“Woe to them that go to Egypt for help, and trust in chariots and stay on horses for they are many; and in horsemen for they are very strong; but they look not unto the Holy One of Israel; nor do they seek the Lord. Because you have said ‘We have made a covenant with death, with Hades we have an agreement, . . . .’ I lay in Zion a foundation stone, a tried stone, a precious cornerstone . . . “ (Is. 28: 14-16)

Our level of fear, though understandable, says something about our faith. Our trust is not in the foundation stone, the tried stone, the precious cornerstone. Instead when we say the answer to “a bad guy with a gun is a good guy with a gun,” we have made a “covenant with death.” We trust our ability to invoke the death of another to save us from death. “Something to do with our fear.” “

But also “something to do with (our) pride.”  What constitutes human worth? What makes a person a hero? How do we establish our status? Is it who we are, what we have, or something we can do? Culture defines the criteria of human worth. In our culture, if a person can amass great wealth, he or she is worthy. Second, best is the ability to kill people. There is an axis of value here. There is a horizontal axis of good versus bad plus a vertical axis as pride versus shame. On the good versus bad axis, it matters who we kill – good to kill Osama bin Laden (not the Christian view – I’m talking about the cultural value), bad to kill innocent children. But on the pride versus shame axis, the thing is to be able to kill – anybody, preferably a lot of people. The strong person may refrain from killing, especially if restraint justifies him or her on the good-bad axis; but the ability to kill is what counts. Unless we are physically very formidable or have terrific martial arts skills, the best way to be lethal is to pack heat.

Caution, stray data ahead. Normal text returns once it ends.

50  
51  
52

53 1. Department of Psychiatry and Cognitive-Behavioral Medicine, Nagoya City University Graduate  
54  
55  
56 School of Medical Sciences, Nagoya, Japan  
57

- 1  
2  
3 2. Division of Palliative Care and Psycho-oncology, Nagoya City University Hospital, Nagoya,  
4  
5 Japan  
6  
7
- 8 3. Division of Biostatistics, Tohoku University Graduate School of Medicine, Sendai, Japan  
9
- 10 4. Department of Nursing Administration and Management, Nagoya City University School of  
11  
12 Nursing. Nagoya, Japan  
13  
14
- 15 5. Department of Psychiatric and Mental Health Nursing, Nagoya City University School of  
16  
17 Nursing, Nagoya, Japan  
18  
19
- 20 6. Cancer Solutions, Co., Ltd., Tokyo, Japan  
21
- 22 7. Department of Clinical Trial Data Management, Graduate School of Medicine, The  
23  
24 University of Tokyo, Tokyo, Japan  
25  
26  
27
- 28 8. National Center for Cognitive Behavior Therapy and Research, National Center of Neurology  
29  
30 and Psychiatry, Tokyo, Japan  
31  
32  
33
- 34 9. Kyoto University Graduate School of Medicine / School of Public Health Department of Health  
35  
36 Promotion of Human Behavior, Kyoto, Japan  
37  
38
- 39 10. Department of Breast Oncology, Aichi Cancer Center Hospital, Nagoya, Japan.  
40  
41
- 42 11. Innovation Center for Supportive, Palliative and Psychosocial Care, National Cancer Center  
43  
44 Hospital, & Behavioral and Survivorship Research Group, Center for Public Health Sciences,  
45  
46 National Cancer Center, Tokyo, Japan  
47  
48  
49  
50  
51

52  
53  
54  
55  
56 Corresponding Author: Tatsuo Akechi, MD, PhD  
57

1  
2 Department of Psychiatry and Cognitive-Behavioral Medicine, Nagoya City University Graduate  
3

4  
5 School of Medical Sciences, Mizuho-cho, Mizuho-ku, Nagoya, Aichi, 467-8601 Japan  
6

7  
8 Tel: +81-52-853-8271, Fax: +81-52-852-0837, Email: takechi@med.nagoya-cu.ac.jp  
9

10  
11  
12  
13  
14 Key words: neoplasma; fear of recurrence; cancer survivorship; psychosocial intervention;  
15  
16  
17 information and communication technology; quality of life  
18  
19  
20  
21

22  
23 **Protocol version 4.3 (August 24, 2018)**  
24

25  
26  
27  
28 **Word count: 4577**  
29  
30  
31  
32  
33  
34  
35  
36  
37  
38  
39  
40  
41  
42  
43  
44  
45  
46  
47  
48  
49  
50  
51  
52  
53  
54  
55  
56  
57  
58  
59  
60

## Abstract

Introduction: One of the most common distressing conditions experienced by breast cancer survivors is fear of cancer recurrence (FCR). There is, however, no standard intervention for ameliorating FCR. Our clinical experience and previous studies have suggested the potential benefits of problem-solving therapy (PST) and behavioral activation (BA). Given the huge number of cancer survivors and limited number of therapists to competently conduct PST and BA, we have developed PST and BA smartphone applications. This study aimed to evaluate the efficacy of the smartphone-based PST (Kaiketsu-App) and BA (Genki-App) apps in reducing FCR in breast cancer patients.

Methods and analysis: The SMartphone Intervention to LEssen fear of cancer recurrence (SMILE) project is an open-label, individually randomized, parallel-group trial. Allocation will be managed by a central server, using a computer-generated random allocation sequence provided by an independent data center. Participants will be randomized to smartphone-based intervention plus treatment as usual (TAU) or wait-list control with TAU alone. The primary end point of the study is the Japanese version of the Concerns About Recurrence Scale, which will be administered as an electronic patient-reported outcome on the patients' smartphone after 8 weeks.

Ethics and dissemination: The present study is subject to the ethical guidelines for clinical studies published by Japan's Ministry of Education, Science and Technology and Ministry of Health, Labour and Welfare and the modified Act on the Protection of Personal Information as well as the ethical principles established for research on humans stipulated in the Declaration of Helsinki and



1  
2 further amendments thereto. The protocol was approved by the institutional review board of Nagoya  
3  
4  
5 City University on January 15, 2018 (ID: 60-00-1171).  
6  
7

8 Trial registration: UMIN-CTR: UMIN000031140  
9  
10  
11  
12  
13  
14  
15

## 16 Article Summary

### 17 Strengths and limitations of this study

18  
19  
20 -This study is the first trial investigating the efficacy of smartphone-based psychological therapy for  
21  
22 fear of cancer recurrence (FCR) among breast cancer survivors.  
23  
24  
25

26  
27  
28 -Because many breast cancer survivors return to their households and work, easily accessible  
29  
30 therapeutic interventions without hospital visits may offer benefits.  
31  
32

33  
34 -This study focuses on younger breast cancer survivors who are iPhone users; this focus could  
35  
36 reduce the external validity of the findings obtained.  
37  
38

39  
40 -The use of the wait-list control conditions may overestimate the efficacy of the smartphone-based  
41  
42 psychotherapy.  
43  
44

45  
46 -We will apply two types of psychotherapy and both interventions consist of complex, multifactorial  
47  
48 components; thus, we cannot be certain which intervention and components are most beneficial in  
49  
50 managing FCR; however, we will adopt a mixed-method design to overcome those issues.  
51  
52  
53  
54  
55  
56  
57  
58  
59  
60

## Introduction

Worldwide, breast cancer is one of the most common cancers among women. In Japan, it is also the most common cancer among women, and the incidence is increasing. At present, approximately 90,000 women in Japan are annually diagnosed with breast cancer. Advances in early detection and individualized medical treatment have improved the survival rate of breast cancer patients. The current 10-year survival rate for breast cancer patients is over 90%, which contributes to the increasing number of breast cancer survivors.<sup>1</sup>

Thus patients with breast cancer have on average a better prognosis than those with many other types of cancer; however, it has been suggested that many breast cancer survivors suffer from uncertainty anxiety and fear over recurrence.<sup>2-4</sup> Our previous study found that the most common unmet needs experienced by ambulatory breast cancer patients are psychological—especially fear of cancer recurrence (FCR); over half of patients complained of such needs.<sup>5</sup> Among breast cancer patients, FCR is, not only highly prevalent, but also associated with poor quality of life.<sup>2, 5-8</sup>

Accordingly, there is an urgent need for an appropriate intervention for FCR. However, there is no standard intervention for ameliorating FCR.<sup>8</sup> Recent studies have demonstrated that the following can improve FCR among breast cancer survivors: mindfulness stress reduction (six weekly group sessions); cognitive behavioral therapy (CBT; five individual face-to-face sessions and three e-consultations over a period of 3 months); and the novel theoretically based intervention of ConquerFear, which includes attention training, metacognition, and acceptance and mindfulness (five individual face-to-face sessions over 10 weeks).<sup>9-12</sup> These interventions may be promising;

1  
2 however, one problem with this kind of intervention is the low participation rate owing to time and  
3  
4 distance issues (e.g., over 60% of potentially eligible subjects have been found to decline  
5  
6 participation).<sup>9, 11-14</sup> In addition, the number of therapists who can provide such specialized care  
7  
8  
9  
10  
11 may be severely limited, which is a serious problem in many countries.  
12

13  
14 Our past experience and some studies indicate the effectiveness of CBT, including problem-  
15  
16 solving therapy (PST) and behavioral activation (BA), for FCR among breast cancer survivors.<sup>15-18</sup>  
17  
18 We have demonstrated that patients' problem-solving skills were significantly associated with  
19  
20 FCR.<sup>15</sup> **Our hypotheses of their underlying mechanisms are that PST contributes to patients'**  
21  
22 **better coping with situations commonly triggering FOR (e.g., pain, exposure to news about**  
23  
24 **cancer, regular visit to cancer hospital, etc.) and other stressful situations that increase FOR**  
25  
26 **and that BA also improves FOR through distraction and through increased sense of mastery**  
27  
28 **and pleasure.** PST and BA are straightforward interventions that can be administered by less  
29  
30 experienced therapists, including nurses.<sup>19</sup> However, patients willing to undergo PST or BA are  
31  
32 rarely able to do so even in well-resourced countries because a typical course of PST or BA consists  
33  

Where do I get the idea that our capacity to kill is a measure of our worth? What makes us a “great nation?” It isn’t our education system, which we don’t fund. Neither is it the purity of our democracy, which we spend a fortune to corrupt. It’s our ability to inflict shock and awe – impose our will by force.

Who are our movie heroes if not the rugged individuals who can dispatch large numbers of people in just a few minutes of screen time?  The ability to kill carries cred. It gets respect. If we aren’t rich and we can’t kill, what good are we?

We have lost more people to gun deaths in the United States since 1968 than in all our wars. People in other developed nations, and even many undeveloped nations, think of us as “violent.” Why is that? “Something to do with our pride. Something to do with our fear.”